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Assessing the household economic burden of non-communicable diseases in India: evidence from repeated cross-sectional surveys

Abstract

Background

Financing for NCDs is encumbered by out-of-pocket expenditure (OOPE) assuming catastrophic proportions. Therefore, it is imperative to investigate the extent of catastrophic health expenditure (CHE) on NCDs, which are burgeoning in India. Thus, our paper aims to examine the extent of CHE and impoverishment in India, in conjunction with socio-economic determinants impacting the CHE.

Methods

We used cross-sectional data from nationwide healthcare surveys conducted in 2014 and 2017–18. OOPE on both outpatient and inpatient treatment was coalesced to estimate CHE on NCDs. Incidence of CHE was defined as proportion of households with OOPE exceeding 10% of household expenditure. Intensity of catastrophe was ascertained by the measure of Overshoot and Mean Positive Overshoot Indices. Further, impoverishing effects of OOPE were assessed by computing Poverty Headcount Ratio and Poverty Gap Index using India’s official poverty line. Concomitantly, we estimated the inequality in incidence and intensity of catastrophic payments using Concentration Indices. Additionally, we delineated the factors associated with catastrophic expenditure using Multinomial Logistic Regression.

Results

Results indicated enormous incidence of CHE with around two-third households with NCDs facing CHE. Incidence of CHE was concentrated amongst poor that further extended from 2014(CI = − 0.027) to 2017–18(CI = − 0.065). Intensity of CHE was colossal as households spent 42.8 and 34.9% beyond threshold in 2014 and 2017-18 respectively with poor enduring greater overshoot vis-à-vis rich (CI = − 0.18 in 2014 and CI = − 0.23 in 2017–18). Significant immiserating impact of NCDs was unraveled as one-twelfth in 2014 and one-eighth households in 2017–18 with NCD burden were pushed to poverty with poverty deepening effect to the magnitude of 27.7 and 30.1% among those already below poverty on account of NCDs in 2014 and 2017–18 respectively. Further, large inter-state heterogeneities in extent of CHE and impoverishment were found and multivariate analysis indicated absence of insurance cover, visiting private providers, residing in rural areas and belonging to poorest expenditure quintile were associated with increased likelihood of incurring CHE.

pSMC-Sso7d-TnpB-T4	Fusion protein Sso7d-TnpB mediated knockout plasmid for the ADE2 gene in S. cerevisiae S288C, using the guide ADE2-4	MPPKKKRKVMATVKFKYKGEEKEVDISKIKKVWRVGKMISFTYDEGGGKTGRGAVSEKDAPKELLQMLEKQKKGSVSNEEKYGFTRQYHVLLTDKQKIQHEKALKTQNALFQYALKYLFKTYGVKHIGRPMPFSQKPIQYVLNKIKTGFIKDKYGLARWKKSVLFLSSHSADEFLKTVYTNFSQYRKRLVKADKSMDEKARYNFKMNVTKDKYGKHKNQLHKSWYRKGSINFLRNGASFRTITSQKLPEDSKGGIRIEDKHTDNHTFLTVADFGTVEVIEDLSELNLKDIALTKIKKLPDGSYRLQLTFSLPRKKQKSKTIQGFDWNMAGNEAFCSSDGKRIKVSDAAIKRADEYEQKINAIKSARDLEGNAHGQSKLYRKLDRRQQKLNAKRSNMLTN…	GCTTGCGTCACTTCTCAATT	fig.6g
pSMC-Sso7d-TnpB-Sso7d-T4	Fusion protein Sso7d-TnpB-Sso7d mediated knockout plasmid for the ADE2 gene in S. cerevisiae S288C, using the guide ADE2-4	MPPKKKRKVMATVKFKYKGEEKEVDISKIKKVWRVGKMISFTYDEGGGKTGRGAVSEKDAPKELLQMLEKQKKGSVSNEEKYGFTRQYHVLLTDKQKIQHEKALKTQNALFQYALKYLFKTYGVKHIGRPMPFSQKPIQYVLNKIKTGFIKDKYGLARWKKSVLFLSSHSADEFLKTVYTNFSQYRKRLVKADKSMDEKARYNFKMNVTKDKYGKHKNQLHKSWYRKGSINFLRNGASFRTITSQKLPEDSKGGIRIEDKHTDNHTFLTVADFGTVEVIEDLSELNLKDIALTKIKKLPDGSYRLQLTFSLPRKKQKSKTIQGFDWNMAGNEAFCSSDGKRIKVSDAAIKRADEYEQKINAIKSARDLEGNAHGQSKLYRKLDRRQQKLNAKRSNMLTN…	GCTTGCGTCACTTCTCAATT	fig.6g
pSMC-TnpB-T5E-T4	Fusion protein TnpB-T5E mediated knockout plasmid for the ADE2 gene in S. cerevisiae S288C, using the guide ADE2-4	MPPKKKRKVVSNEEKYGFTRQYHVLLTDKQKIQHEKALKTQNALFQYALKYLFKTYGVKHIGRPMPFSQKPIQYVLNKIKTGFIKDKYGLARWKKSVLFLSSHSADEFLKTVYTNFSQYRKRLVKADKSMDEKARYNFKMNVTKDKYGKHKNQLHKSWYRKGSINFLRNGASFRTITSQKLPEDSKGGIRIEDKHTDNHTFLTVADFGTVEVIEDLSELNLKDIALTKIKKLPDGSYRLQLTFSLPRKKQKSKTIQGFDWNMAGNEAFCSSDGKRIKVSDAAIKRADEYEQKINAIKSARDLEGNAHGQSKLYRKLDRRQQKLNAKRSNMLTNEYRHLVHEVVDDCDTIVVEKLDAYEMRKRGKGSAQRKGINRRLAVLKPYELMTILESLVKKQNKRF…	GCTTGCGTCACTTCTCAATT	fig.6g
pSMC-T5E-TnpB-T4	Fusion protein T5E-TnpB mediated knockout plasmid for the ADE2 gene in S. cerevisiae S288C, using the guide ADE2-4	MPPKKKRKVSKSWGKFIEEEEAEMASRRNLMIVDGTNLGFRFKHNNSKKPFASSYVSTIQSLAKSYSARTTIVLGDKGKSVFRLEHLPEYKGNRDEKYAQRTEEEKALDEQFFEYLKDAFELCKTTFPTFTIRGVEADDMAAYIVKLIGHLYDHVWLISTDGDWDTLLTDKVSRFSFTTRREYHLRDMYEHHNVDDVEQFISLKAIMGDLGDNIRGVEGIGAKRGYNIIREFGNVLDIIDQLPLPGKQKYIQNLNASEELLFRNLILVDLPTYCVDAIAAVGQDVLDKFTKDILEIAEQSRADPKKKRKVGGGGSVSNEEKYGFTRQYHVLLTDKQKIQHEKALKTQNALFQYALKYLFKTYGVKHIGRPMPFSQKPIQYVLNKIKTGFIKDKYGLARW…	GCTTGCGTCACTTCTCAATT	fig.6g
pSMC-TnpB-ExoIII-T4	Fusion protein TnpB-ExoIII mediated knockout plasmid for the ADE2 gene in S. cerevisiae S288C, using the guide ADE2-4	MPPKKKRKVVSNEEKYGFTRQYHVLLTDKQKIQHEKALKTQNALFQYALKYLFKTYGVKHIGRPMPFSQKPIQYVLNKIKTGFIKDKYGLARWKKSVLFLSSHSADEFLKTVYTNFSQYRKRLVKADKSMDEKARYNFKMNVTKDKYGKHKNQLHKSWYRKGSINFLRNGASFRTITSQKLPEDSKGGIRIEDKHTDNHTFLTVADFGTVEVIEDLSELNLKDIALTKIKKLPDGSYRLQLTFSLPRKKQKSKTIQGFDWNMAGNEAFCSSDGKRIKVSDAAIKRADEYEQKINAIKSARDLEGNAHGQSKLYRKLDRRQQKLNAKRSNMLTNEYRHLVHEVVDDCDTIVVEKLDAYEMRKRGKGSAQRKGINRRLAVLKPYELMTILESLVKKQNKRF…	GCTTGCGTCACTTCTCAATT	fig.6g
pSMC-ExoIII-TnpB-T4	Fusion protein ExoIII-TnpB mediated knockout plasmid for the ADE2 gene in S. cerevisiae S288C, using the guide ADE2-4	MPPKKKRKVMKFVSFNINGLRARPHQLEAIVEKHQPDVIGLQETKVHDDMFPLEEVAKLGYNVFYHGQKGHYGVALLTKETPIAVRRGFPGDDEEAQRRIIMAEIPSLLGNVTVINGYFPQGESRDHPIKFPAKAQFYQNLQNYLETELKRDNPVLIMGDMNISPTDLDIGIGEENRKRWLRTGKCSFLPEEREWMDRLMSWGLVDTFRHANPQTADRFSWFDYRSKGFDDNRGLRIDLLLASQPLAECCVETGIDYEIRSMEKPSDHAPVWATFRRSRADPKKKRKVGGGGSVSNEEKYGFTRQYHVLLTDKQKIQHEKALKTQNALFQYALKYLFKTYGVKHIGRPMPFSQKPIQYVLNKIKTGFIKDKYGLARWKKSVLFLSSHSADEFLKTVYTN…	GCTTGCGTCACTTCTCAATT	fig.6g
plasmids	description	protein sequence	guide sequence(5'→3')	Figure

Conclusion

Substantial proportion of households face CHE and subsequent impoverishment due to NCD related expenses. Concerted efforts are required to augment the financial risk protection to the households, especially in regions with higher burden of NCDs.

Peer Review reports

Introduction

Non-communicable diseases (NCDs) has assumed significant proportions in contributing to the overall disease burden, measured in disability-adjusted life years (DALYs) in India, over the past 30 years [1]. India’s State-Level Disease Burden Initiative affirmed that every state in India is currently grappling with higher burden of NCDs and injuries vis-à-vis infectious diseases. In 2017, NCDs accounted for 63.7% of all mortality and was a major contributor in the cost of treatment for inpatient admissions (40%) and ambulatory care (35%). While India witnessed a paradigm shift in its commitment towards Universal Health Coverage post 2014, the promise of universality would be delivered only if its structure and implementation recognize and respond to NCD related poverty [2].

The unprecedented financial burden posed by NCDs is two- pronged; Firstly, at the macroeconomic level, burden posed by NCDs has deleterious effects on economic growth of nations. A 2011 report delving on economic burden of NCDs in low-and-middle income countries concluded that major NCDs like cardiovascular diseases, cancer and chronic respiratory diseases could cost these countries roughly $ 7 trillion between 2011 and 2025 [3]. Correspondingly, estimates from India suggest that NCDs in India account for an economic burden in the range of 5–10% of GDP, significantly slowing down economic growth [4]. Since India is confronted by 'triple burden' of disease; in conjunction with infectious disease and injuries, burden posed by NCDs remains Achilles heel for underfunded health system. Secondly, NCDs have adverse impact on the financial stability of households with ailing members. National Health Accounts estimates divulge that abysmally low coverage of private health insurance coupled with dearth of government expenditure on prepayment mechanisms and public subsidies implied a reliance on out-of-pocket payments (58.7% of total health expenditure) for healthcare superfluously [5]. Consequently, households become vulnerable to catastrophic health expenditure and impoverishment due to health shocks which can culminate in the long term consequence of trans-generational cycle of poverty. The impact of NCDs on households is likely to be especially severe in LMICs where low-income populations, many of whom already experience extreme absolute poverty and precarious living conditions are especially vulnerable to impoverishment due to any degree of health spending. Thus, it is imperative to gauge an estimate of headcount of households susceptible to catastrophic health expenditure in order to bolster evidence backed policy decisions towards the trajectory of achieving Universal Health Coverage.